• WisBusiness

Friday, December 5, 2014

MaryBeth Matzek: Neenah developer finds focus revitalizing vacant manufacturing sites

By MaryBeth Matzek
Randy Stadtmueller has a knack for taking former industrial sites and giving them new life.

The Neenah-based developer already has taken several vacant manufacturing buildings and found new uses and life for them. For example, he led the conversion of Kimberly Clark Corp.'s vacant Atlas Mill along the Fox River in Appleton into a home for a museum celebrating the region's rich paper history as well as space for a restaurant and office tenants. Further north along the river, his company, Stadtmueller & Associates, worked with the city on clearing the former Riverside Paper mill site and created Eagle Flats, a mixed-use development featuring affordable and senior housing apartments.

"When it comes to these types of projects – turning vacant sites into something new – we know how to get it done," he says. "We understand what needs to be done and how to go about securing the funds through TIF districts, housing grants or historic preservation grants. Some people shy away thinking it's just too much, but it's really not. It just takes time and patience since these projects can take years to come together, but it's worth it."

The company is now working on two other projects along the Fox River – one in Kaukauna and one in Kimberly – that also happen to be former paper mill sites. In Kaukauna, Stadtmueller worked with the city on a plan to move and expand its library into the historic Eagle Mill, which once housed the city's first paper mill. In addition, he worked with Expera Specialty Solutions – the owner of the neighboring paper mill -- to move its headquarters into the renovated building.

In Kimberly, Stadtmueller is taking the former New Page and converting that into a mixed-use development called The Cedars. The 98-acre site will feature a variety of housing options, commercial buildings and offer public access to the Fox River.

"These projects add value to the community and takes advantage of that renewed interest in new urbanism and walkability," he says. "People want to be able to walk places and also take in nature around them, which is one reason we're looking to connect The Cedars to nearby Sunset Park in Kimberly."

Stadtmueller recognizes it can take years for the projects to come together. "Patience is key with all of these projects, but the reward – taking what was an unused site and turning it into something that adds value to the community – is worth it," he said.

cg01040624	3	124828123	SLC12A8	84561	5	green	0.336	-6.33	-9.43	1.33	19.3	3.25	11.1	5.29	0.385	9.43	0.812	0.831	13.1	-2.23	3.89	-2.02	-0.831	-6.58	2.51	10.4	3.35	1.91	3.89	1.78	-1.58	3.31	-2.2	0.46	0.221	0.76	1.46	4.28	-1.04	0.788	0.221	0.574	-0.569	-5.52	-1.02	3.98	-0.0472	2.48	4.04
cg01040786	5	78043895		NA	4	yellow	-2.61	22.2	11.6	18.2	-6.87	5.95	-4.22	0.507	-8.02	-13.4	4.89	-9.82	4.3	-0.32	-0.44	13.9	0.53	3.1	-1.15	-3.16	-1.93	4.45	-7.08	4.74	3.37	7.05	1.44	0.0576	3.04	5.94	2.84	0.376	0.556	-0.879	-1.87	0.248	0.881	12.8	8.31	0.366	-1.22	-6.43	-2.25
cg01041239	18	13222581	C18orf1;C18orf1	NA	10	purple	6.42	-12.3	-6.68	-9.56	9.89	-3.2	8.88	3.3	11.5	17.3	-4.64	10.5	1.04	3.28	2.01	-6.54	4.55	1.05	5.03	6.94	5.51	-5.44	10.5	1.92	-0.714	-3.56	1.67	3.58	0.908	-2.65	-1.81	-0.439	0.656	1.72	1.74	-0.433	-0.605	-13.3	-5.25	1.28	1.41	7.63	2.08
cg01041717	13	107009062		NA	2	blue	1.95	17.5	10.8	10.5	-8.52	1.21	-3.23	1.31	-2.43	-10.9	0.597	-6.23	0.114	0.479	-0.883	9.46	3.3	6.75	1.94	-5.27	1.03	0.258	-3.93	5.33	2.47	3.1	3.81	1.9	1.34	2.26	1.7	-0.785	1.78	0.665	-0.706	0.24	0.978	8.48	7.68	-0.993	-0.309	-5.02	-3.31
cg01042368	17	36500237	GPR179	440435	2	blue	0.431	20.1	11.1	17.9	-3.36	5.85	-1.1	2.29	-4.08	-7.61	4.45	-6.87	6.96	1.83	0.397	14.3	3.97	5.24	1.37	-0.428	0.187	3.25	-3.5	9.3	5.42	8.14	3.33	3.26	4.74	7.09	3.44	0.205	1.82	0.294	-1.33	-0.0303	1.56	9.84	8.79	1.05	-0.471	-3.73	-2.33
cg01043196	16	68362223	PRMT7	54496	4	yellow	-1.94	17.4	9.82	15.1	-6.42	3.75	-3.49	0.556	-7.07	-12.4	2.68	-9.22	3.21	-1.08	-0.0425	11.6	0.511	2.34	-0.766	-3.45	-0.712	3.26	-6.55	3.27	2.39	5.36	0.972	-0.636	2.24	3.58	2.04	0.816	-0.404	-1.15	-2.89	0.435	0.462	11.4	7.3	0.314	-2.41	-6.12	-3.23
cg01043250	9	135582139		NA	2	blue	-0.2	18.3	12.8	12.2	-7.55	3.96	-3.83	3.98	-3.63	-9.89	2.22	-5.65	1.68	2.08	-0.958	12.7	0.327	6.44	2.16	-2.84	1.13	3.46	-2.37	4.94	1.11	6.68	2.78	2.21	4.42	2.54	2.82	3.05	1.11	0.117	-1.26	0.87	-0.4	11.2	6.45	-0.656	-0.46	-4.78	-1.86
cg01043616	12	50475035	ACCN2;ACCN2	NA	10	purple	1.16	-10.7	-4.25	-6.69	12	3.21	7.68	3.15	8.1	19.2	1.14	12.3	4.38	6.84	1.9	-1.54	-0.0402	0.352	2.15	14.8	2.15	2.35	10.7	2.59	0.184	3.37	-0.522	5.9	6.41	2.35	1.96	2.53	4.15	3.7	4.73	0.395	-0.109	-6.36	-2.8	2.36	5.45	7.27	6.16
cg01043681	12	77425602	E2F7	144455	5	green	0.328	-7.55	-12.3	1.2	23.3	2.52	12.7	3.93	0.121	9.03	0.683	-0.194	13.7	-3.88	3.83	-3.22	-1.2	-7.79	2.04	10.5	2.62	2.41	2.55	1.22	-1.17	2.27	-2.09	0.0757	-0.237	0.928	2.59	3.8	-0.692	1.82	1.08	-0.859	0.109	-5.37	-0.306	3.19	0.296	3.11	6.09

The company's projects usually spur other nearby developments, says Renee Torzala, the company's director of communications and marketing.

"Our projects are just the start. Our hope is that these projects help generate other nearby development," she says. "In Kaukauna, there's hope that a hotel and a senior housing complex will now be built nearby since we've revitalized the area while we've already seen some other developments going in around what we've done in Appleton."

Getting the projects done require lots of teamwork. Stadtmueller and Torzala develop close relationships with local officials and then work with them to secure funding – including state and federal grants – to help get the projects done.

"Listening to the community and what they want is also important," Stadtmueller says. "We always hold listening sessions and ask people what their ideas are. That's a key way to get community support behind a project."

That's what they're doing now in New Holstein. The small Calumet County city is looking at plans for what to do with a 40-acre manufacturing site vacated by Tecumseh. Stadtmueller and Torzala have held several community meetings and come away with several ideas that continue to be refined.

"This isn't top-down development, it's bottom-up," Torzala says. "We really listen to what people are interested in and build off their ideas on how best to use an important piece of property in their community."

Optimistic manufacturers

The NEW Manufacturing Alliance, which covers 18 counties in northeast Wisconsin, released its fifth annual Manufacturing Vitality Index on Wednesday and companies are definitely bullish about the future with 86 percent predicting higher sales in 2015.

Ann Franz, director of the NEW Manufacturing Alliance, says 53 percent of the manufacturers surveyed plan on hiring more workers in 2015. Manufacturers provide about 23 percent of all jobs in Northeast Wisconsin, making the industry a major player in the region's economy.

Besides adding new workers, 30 percent plan on plant expansions and 66 percent plan on buying new equipment during the next 12 months.

Click here to read the whole report

-- Matzek, a freelance writer and editor, is the owner of 1Bizzy Writer. She has worked in the past as a news editor at Insight Publications and as business editor at the Appleton Post-Crescent.


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